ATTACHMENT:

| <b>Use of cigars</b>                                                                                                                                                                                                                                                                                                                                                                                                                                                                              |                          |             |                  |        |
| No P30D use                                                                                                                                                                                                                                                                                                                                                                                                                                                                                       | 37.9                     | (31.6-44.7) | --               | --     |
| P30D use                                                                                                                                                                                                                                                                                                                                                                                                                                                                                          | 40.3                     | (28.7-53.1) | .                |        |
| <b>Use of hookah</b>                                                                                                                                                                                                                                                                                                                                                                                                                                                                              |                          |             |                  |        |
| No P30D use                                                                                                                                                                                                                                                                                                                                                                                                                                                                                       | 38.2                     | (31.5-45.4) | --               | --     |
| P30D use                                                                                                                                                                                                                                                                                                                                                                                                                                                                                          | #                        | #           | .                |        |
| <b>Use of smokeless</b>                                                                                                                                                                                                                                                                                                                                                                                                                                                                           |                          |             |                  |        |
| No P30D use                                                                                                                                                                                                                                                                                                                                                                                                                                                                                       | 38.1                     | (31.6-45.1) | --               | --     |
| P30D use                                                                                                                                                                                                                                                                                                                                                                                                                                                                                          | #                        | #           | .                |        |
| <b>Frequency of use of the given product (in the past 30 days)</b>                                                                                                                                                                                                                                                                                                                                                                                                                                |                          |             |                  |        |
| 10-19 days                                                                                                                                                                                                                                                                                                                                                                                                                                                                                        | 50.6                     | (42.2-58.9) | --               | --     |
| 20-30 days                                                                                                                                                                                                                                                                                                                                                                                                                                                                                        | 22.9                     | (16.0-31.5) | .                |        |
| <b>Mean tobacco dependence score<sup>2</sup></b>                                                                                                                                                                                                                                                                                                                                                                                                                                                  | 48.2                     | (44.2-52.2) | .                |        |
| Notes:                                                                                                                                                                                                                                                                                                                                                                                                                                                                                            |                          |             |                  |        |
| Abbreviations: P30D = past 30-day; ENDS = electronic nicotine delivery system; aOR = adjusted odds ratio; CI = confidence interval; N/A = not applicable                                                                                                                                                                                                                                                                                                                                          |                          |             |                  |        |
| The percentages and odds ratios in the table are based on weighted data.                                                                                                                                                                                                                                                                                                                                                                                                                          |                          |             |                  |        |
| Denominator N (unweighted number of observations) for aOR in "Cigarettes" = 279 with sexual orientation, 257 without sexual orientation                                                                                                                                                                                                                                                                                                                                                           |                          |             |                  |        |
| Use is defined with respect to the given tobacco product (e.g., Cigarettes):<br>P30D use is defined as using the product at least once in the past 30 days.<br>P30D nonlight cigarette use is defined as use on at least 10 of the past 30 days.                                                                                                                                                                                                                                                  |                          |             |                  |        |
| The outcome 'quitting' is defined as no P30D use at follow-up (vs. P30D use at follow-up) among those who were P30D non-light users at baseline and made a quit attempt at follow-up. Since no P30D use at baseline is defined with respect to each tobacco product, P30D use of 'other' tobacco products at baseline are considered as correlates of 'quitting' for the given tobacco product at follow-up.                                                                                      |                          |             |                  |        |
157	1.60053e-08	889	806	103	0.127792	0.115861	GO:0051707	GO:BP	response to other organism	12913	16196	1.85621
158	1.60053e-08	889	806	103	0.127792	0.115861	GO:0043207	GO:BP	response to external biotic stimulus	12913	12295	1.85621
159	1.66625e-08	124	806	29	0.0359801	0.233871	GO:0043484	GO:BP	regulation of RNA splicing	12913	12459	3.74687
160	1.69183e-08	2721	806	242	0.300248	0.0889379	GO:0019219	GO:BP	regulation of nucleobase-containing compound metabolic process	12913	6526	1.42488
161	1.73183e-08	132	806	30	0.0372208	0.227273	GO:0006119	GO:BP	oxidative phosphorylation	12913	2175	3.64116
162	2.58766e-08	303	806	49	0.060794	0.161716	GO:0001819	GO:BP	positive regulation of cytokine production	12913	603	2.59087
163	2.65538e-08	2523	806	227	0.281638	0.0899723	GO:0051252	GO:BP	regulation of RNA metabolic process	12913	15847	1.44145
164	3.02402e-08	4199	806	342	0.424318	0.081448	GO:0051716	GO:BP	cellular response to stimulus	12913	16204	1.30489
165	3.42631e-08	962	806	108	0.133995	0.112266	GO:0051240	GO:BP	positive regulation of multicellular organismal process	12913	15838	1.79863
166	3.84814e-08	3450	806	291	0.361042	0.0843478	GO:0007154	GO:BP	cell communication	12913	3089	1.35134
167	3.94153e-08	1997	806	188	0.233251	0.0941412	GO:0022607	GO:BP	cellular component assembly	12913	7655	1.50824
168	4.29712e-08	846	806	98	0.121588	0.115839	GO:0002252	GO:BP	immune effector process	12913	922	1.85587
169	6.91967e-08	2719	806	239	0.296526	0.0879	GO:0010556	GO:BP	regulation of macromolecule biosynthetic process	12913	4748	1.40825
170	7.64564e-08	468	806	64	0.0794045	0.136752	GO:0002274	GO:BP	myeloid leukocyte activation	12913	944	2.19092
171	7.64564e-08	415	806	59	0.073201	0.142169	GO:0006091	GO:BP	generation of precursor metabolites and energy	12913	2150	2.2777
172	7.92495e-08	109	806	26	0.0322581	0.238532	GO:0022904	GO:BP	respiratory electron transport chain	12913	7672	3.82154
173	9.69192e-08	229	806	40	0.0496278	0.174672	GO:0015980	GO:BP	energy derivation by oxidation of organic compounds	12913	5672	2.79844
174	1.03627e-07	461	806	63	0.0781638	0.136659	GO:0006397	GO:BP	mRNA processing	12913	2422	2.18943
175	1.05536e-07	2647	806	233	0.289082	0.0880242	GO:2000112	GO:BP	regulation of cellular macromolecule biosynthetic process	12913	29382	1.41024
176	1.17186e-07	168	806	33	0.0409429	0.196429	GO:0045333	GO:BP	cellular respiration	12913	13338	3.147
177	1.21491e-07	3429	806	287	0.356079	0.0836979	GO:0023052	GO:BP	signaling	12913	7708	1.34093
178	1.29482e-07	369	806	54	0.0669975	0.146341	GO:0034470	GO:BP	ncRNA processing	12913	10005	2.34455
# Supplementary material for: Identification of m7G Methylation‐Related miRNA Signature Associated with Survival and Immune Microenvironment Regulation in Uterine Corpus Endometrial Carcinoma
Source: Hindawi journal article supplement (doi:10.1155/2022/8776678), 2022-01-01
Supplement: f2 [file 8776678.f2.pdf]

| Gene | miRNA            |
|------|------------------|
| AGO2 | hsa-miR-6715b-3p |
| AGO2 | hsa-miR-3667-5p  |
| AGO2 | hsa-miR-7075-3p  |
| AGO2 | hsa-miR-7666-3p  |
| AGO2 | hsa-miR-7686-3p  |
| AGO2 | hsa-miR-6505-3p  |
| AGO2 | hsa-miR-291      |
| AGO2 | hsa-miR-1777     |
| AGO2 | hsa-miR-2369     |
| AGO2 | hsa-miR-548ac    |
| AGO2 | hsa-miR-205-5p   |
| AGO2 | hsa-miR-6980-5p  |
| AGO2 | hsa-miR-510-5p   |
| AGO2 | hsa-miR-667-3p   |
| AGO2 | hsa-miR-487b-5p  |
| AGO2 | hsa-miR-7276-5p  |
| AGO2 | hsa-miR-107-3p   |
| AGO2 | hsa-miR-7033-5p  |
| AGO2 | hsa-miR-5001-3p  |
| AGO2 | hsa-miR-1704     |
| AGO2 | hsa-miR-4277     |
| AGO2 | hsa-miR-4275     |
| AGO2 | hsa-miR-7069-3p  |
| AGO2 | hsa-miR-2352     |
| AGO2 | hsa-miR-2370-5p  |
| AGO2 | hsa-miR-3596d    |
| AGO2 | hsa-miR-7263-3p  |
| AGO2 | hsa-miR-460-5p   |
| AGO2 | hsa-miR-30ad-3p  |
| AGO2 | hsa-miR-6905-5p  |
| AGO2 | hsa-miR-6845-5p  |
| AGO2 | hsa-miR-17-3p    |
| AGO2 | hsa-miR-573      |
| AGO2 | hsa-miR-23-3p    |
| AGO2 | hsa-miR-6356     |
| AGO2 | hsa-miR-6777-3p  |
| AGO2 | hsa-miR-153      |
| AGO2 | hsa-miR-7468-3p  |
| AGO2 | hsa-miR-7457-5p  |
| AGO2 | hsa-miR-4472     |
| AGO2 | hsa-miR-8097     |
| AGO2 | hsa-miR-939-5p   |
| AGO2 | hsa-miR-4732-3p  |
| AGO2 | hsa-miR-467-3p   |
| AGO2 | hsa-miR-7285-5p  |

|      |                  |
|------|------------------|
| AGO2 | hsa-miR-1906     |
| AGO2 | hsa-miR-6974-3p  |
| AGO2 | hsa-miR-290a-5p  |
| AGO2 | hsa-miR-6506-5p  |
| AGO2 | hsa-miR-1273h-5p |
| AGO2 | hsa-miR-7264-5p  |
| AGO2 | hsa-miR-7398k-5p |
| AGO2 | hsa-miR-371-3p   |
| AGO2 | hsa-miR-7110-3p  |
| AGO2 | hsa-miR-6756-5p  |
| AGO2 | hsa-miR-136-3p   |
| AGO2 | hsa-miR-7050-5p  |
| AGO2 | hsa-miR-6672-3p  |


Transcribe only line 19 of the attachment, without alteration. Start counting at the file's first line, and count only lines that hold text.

| The outcome 'quitting' is defined as no P30D use at follow-up (vs. P30D use at follow-up) among those who were P30D non-light users at baseline and made a quit attempt at follow-up. Since no P30D use at baseline is defined with respect to each tobacco product, P30D use of 'other' tobacco products at baseline are considered as correlates of 'quitting' for the given tobacco product at follow-up.                                                                                      |                          |             |                  |        |